Olympics: CSR can revamp Uganda’s boxing heritage

Tuesday August 7 2012

By David Sseppuuya

It would be unthinkable for Kenya to go to the Olympics without a steeplechase trio, or for Ethiopia not to field a marathoner. Can you imagine the US without a basketball team, Brazil with no football squad or Australia without swimmers?

Yet Uganda has pulled off the unthinkable by not having a boxing team at the on-going 30th Olympiad in London. Since 1960 we have had pugilists each Games. Four of Uganda’s six medals are in boxing (Leo Rwabwogo and Eridadi Mukwanga in 1968, Rwabwogo in 1972, and John Mugabi in 1980), the athletes John Akii-Bua (1972) and Davis Kamoga (1996) being the exception.

The medal count would be even higher had we, alongside other African countries, not boycotted Montreal 1976, as the ‘Bombers’ squad that year is probably our best ever. It had Cornelius Bbosa, James Odwori, Muhammad Muruli, Mustapha Wasajja and Vitalis Bbege, who all won many other honours.

In disappointment, Bbosa would go on to turn professional and, fighting as Cornelius Boza-Edwards, become a world champion, one of four (with Ayub Kalule, ‘The Beast’ Mugabi, and Kassim ‘The Dream’ Ouma) professional world champions from Uganda.

Kalule is also the biggest-achieving amateur we have had, taking World Amateur Championship gold in 1974, but he alongside others – Godfrey Nyakaana, Justin Jjuuko, George Oywelo, Benson Masanda, Muruli, Odwori – also won Commonwealth Games gold.

But the three traditional ills – in-fighting and lack of structures by administrators, corruption, and Government neglect – have conspired to undermine this legacy and deny Uganda a presence in London.
Presidential lustre can boost a country’s sports – US basketball gets a fillip when President Obama shoots a few hoops and kisses Michelle courtside, as he did at an Olympic warm-up game.

Russian judo gained when their judoka President Vladimir Putin went to the judo events when he visited the British Prime Minister last week. I do not see President Museveni doing a mock sparring session or jabbing at a punching bag, let alone kissing Janet ringside. So let us leave him out of this – he is only human, and cannot be interested in everything. In any case politicians come and go. Idi Amin, the former national heavyweight champion (pictured), went, and Obama could lose November’s election. But a country’s sporting excellence needs, and can, continue in perpetuity.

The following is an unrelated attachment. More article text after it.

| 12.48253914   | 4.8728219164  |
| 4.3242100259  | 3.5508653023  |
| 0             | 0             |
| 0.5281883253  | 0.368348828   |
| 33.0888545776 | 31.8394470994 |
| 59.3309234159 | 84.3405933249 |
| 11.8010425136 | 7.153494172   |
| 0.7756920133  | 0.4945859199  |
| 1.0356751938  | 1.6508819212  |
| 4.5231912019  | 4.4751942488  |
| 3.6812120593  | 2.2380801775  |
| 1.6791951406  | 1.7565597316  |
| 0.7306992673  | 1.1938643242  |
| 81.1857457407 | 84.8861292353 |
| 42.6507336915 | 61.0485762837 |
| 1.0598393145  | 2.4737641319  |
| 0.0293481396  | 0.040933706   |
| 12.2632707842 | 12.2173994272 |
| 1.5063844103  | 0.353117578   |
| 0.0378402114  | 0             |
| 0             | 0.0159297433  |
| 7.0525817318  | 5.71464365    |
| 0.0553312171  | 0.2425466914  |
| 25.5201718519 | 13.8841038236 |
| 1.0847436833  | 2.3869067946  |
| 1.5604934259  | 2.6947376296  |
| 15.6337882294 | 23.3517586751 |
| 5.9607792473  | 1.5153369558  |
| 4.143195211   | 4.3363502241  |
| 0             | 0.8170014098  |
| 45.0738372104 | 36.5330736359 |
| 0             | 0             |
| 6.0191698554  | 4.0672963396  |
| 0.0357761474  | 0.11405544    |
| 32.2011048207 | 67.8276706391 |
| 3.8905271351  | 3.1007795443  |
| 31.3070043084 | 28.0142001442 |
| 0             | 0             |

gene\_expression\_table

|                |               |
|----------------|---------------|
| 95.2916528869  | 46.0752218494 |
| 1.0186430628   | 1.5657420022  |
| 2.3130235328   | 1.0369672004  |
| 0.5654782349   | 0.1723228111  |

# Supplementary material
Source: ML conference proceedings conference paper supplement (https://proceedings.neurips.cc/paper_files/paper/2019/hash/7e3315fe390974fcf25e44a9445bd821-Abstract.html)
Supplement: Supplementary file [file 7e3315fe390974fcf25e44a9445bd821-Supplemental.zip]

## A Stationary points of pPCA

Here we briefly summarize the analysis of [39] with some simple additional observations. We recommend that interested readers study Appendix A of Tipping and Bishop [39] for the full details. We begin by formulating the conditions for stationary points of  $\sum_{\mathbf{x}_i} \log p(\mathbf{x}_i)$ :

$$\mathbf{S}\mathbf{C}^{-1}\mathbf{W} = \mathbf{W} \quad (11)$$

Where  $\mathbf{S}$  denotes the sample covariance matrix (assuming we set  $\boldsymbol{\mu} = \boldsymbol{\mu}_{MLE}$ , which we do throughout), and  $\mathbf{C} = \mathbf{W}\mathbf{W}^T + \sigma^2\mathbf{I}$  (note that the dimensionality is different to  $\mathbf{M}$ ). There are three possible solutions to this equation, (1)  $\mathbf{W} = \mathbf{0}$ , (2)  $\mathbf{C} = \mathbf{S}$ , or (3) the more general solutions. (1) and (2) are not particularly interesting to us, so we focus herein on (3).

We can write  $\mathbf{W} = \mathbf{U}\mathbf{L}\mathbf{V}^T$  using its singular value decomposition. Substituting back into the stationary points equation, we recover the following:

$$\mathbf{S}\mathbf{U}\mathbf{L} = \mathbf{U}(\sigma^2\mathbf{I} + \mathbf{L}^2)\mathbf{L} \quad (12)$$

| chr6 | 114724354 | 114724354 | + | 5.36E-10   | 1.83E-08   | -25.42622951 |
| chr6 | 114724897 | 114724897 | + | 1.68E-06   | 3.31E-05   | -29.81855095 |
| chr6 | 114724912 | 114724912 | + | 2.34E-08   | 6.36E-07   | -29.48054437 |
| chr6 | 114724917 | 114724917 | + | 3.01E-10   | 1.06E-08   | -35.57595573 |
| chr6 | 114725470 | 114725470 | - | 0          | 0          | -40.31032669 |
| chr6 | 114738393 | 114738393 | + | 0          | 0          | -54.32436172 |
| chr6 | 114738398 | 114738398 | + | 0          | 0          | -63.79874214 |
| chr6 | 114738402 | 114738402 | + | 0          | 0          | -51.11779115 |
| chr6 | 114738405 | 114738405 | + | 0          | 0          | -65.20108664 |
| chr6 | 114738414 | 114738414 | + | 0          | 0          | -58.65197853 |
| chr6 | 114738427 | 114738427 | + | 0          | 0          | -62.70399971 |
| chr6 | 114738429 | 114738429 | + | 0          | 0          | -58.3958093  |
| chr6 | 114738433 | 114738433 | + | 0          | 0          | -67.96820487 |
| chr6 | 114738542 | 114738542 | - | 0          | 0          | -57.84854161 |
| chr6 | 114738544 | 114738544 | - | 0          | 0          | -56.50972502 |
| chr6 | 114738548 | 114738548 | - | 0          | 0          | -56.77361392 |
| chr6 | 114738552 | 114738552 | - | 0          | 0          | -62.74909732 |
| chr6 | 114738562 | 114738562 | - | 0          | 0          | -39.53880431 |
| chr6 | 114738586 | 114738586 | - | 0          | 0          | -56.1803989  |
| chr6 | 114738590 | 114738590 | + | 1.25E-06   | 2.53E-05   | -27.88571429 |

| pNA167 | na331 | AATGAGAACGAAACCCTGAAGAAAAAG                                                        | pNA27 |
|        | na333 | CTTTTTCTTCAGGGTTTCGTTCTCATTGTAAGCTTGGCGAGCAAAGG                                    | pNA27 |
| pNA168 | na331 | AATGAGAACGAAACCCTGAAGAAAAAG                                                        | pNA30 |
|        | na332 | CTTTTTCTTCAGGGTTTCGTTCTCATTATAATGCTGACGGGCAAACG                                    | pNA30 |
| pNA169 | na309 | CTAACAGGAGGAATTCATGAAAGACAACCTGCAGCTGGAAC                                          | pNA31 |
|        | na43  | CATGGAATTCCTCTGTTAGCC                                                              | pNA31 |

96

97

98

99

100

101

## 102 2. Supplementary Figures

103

Government’s limitations present an opportunity to the corporate world to take over and make real impact. Often, we hear of Corporate Social Responsibility (CSR) efforts going into painting a zebra crossing here and donating a few books there. That’s good, but surely it can be bigger and longer-lasting.

Boxing in Uganda has traditionally been for the under-privileged. It thrived in the poorer parts of urban centres – the Naguru and Nakawa housing estates, teeming with youthful energy, and the legendary Kampala Boxing Club at Nakivubo that drew a lot of talent from Katwe, Kisenyi and Makerere Kivulu. The Walukuba housing estate in Jinja, and Kilembe Mines in Kasese also produced a lot of exceptional boxers when young chaps used the sport as a way to seize opportunity in life. Most of these places had boxing gyms, and so too would the armed forces and schools like Namilyango College, Kako, St Henry’s Kitovu, Namasagali College, Kololo High and Kololo SS.

Parastatals like Nytil, Uganda Breweries, UEB, Rayon, Uganda Plastics, KCC, and Foods & Beverages used to support boxing, but are now either extinct or in remission. In the national economy and in the public’s consciousness, they have been replaced by the new private concerns, the so-called corporates of today. I say, let these corporates also take over sports sponsorship. Ugandan boxing which has a long and glorious legacy would be a great place to make real change.

In South Africa, the pay television company DStv, through their sports arm, SuperSport, has an excellent CSR programme called Let’s Play, which has brought sports opportunity to otherwise sedentary children and, little mentioned, to less privileged people. While there is no correlation yet to South Africa’s current sporting achievements – Ernie Els winning golf’s British Open, the cricket team heading to world number 1 status, Olympic swimming success, Semenya & Pistorius – such CSR will inevitably feed into a legacy that has good foundations.

Alongside laying a foundation, or rebuilding the foundation for certain future glory, it would also give Uganda’s corporates an opening to positively impact lives that otherwise have limited opportunity. Let corporates put their money where their mouth is.